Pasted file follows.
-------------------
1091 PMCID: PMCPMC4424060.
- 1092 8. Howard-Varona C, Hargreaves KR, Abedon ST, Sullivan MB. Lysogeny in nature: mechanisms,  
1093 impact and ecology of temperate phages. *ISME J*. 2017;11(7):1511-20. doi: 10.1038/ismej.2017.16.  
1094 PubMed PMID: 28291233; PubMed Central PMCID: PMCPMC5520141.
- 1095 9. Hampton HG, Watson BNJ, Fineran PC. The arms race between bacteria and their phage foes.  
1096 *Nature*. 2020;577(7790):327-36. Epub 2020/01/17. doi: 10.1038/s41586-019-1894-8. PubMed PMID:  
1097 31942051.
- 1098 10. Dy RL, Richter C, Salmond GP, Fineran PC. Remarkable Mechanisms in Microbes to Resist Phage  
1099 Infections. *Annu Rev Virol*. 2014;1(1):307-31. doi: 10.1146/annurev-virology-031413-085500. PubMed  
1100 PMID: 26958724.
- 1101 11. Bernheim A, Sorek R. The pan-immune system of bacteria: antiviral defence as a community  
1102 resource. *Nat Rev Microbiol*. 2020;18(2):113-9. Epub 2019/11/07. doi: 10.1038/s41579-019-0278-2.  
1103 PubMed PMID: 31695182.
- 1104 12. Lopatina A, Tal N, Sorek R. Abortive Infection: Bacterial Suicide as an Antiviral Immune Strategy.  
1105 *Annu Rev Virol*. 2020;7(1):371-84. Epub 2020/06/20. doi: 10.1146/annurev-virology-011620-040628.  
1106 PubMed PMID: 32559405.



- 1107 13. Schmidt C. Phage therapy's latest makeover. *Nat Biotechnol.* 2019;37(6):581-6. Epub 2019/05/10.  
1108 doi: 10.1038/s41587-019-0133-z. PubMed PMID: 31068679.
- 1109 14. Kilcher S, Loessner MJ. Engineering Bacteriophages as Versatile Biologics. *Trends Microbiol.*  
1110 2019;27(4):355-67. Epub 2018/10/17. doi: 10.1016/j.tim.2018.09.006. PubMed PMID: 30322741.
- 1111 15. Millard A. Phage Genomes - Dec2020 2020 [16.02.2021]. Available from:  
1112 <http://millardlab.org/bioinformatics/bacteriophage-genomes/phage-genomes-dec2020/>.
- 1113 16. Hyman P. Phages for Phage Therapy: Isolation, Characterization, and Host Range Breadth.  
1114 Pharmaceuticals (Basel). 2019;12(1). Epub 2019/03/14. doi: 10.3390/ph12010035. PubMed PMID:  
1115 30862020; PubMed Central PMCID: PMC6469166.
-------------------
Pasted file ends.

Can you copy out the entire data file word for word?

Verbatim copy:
1091 PMCID: PMCPMC4424060.
- 1092 8. Howard-Varona C, Hargreaves KR, Abedon ST, Sullivan MB. Lysogeny in nature: mechanisms,  
1093 impact and ecology of temperate phages. *ISME J*. 2017;11(7):1511-20. doi: 10.1038/ismej.2017.16.  
1094 PubMed PMID: 28291233; PubMed Central PMCID: PMCPMC5520141.
- 1095 9. Hampton HG, Watson BNJ, Fineran PC. The arms race between bacteria and their phage foes.  
1096 *Nature*. 2020;577(7790):327-36. Epub 2020/01/17. doi: 10.1038/s41586-019-1894-8. PubMed PMID:  
1097 31942051.
- 1098 10. Dy RL, Richter C, Salmond GP, Fineran PC. Remarkable Mechanisms in Microbes to Resist Phage  
1099 Infections. *Annu Rev Virol*. 2014;1(1):307-31. doi: 10.1146/annurev-virology-031413-085500. PubMed  
1100 PMID: 26958724.
- 1101 11. Bernheim A, Sorek R. The pan-immune system of bacteria: antiviral defence as a community  
1102 resource. *Nat Rev Microbiol*. 2020;18(2):113-9. Epub 2019/11/07. doi: 10.1038/s41579-019-0278-2.  
1103 PubMed PMID: 31695182.
- 1104 12. Lopatina A, Tal N, Sorek R. Abortive Infection: Bacterial Suicide as an Antiviral Immune Strategy.  
1105 *Annu Rev Virol*. 2020;7(1):371-84. Epub 2020/06/20. doi: 10.1146/annurev-virology-011620-040628.  
1106 PubMed PMID: 32559405.



- 1107 13. Schmidt C. Phage therapy's latest makeover. *Nat Biotechnol.* 2019;37(6):581-6. Epub 2019/05/10.  
1108 doi: 10.1038/s41587-019-0133-z. PubMed PMID: 31068679.
- 1109 14. Kilcher S, Loessner MJ. Engineering Bacteriophages as Versatile Biologics. *Trends Microbiol.*  
1110 2019;27(4):355-67. Epub 2018/10/17. doi: 10.1016/j.tim.2018.09.006. PubMed PMID: 30322741.
- 1111 15. Millard A. Phage Genomes - Dec2020 2020 [16.02.2021]. Available from:  
1112 <http://millardlab.org/bioinformatics/bacteriophage-genomes/phage-genomes-dec2020/>.
- 1113 16. Hyman P. Phages for Phage Therapy: Isolation, Characterization, and Host Range Breadth.  
1114 Pharmaceuticals (Basel). 2019;12(1). Epub 2019/03/14. doi: 10.3390/ph12010035. PubMed PMID:  
1115 30862020; PubMed Central PMCID: PMC6469166.